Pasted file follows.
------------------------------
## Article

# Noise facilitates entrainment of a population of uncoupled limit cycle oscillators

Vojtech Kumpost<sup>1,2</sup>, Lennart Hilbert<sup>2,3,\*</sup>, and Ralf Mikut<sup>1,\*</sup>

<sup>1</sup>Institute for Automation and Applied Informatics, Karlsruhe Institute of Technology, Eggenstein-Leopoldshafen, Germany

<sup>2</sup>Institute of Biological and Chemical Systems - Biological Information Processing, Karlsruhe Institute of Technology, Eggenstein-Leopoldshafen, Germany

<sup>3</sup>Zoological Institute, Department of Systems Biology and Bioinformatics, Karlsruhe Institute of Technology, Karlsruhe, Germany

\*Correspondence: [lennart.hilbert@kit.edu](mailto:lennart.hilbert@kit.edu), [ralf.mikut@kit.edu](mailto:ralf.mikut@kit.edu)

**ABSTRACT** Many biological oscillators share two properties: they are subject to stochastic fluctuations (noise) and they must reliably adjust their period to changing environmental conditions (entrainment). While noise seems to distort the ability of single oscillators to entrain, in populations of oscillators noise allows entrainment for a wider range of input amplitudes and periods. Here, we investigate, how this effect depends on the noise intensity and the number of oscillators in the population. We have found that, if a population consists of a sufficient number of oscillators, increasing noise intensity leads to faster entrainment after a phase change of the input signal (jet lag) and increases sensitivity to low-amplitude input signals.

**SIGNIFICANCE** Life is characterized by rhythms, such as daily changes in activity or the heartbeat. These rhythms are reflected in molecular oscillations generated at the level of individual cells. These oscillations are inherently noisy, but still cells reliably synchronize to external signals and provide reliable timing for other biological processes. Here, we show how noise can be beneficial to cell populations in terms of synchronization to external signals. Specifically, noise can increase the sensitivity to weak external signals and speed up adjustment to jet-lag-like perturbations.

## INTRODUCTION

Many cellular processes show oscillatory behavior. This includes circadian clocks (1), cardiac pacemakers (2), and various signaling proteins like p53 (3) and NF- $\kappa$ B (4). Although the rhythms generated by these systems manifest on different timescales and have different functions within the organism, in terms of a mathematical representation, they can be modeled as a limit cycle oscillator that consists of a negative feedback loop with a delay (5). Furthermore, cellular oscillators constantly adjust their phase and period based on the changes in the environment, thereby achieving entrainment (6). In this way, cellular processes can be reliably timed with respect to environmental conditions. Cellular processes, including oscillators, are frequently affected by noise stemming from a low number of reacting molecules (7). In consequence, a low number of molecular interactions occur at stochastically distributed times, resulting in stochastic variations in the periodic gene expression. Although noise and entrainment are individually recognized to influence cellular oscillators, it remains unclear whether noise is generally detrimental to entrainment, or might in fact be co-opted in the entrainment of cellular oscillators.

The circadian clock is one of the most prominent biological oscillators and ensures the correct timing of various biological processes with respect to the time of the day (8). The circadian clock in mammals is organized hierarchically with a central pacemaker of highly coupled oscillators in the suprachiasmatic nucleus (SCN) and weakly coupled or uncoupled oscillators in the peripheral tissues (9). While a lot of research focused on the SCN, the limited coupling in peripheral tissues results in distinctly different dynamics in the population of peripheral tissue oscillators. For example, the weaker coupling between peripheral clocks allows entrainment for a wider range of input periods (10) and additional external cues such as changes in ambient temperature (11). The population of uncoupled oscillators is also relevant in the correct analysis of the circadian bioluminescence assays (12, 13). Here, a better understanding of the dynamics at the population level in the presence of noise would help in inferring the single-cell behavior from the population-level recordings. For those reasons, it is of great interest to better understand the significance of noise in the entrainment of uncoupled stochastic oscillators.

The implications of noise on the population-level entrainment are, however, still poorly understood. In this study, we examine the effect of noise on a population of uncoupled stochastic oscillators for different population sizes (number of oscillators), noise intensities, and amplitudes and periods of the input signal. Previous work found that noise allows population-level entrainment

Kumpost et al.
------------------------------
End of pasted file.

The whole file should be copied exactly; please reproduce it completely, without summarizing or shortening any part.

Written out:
## Article

# Noise facilitates entrainment of a population of uncoupled limit cycle oscillators

Vojtech Kumpost<sup>1,2</sup>, Lennart Hilbert<sup>2,3,\*</sup>, and Ralf Mikut<sup>1,\*</sup>

<sup>1</sup>Institute for Automation and Applied Informatics, Karlsruhe Institute of Technology, Eggenstein-Leopoldshafen, Germany

<sup>2</sup>Institute of Biological and Chemical Systems - Biological Information Processing, Karlsruhe Institute of Technology, Eggenstein-Leopoldshafen, Germany

<sup>3</sup>Zoological Institute, Department of Systems Biology and Bioinformatics, Karlsruhe Institute of Technology, Karlsruhe, Germany

\*Correspondence: [lennart.hilbert@kit.edu](mailto:lennart.hilbert@kit.edu), [ralf.mikut@kit.edu](mailto:ralf.mikut@kit.edu)

**ABSTRACT** Many biological oscillators share two properties: they are subject to stochastic fluctuations (noise) and they must reliably adjust their period to changing environmental conditions (entrainment). While noise seems to distort the ability of single oscillators to entrain, in populations of oscillators noise allows entrainment for a wider range of input amplitudes and periods. Here, we investigate, how this effect depends on the noise intensity and the number of oscillators in the population. We have found that, if a population consists of a sufficient number of oscillators, increasing noise intensity leads to faster entrainment after a phase change of the input signal (jet lag) and increases sensitivity to low-amplitude input signals.

**SIGNIFICANCE** Life is characterized by rhythms, such as daily changes in activity or the heartbeat. These rhythms are reflected in molecular oscillations generated at the level of individual cells. These oscillations are inherently noisy, but still cells reliably synchronize to external signals and provide reliable timing for other biological processes. Here, we show how noise can be beneficial to cell populations in terms of synchronization to external signals. Specifically, noise can increase the sensitivity to weak external signals and speed up adjustment to jet-lag-like perturbations.

## INTRODUCTION

Many cellular processes show oscillatory behavior. This includes circadian clocks (1), cardiac pacemakers (2), and various signaling proteins like p53 (3) and NF- $\kappa$ B (4). Although the rhythms generated by these systems manifest on different timescales and have different functions within the organism, in terms of a mathematical representation, they can be modeled as a limit cycle oscillator that consists of a negative feedback loop with a delay (5). Furthermore, cellular oscillators constantly adjust their phase and period based on the changes in the environment, thereby achieving entrainment (6). In this way, cellular processes can be reliably timed with respect to environmental conditions. Cellular processes, including oscillators, are frequently affected by noise stemming from a low number of reacting molecules (7). In consequence, a low number of molecular interactions occur at stochastically distributed times, resulting in stochastic variations in the periodic gene expression. Although noise and entrainment are individually recognized to influence cellular oscillators, it remains unclear whether noise is generally detrimental to entrainment, or might in fact be co-opted in the entrainment of cellular oscillators.

The circadian clock is one of the most prominent biological oscillators and ensures the correct timing of various biological processes with respect to the time of the day (8). The circadian clock in mammals is organized hierarchically with a central pacemaker of highly coupled oscillators in the suprachiasmatic nucleus (SCN) and weakly coupled or uncoupled oscillators in the peripheral tissues (9). While a lot of research focused on the SCN, the limited coupling in peripheral tissues results in distinctly different dynamics in the population of peripheral tissue oscillators. For example, the weaker coupling between peripheral clocks allows entrainment for a wider range of input periods (10) and additional external cues such as changes in ambient temperature (11). The population of uncoupled oscillators is also relevant in the correct analysis of the circadian bioluminescence assays (12, 13). Here, a better understanding of the dynamics at the population level in the presence of noise would help in inferring the single-cell behavior from the population-level recordings. For those reasons, it is of great interest to better understand the significance of noise in the entrainment of uncoupled stochastic oscillators.

The implications of noise on the population-level entrainment are, however, still poorly understood. In this study, we examine the effect of noise on a population of uncoupled stochastic oscillators for different population sizes (number of oscillators), noise intensities, and amplitudes and periods of the input signal. Previous work found that noise allows population-level entrainment

Kumpost et al.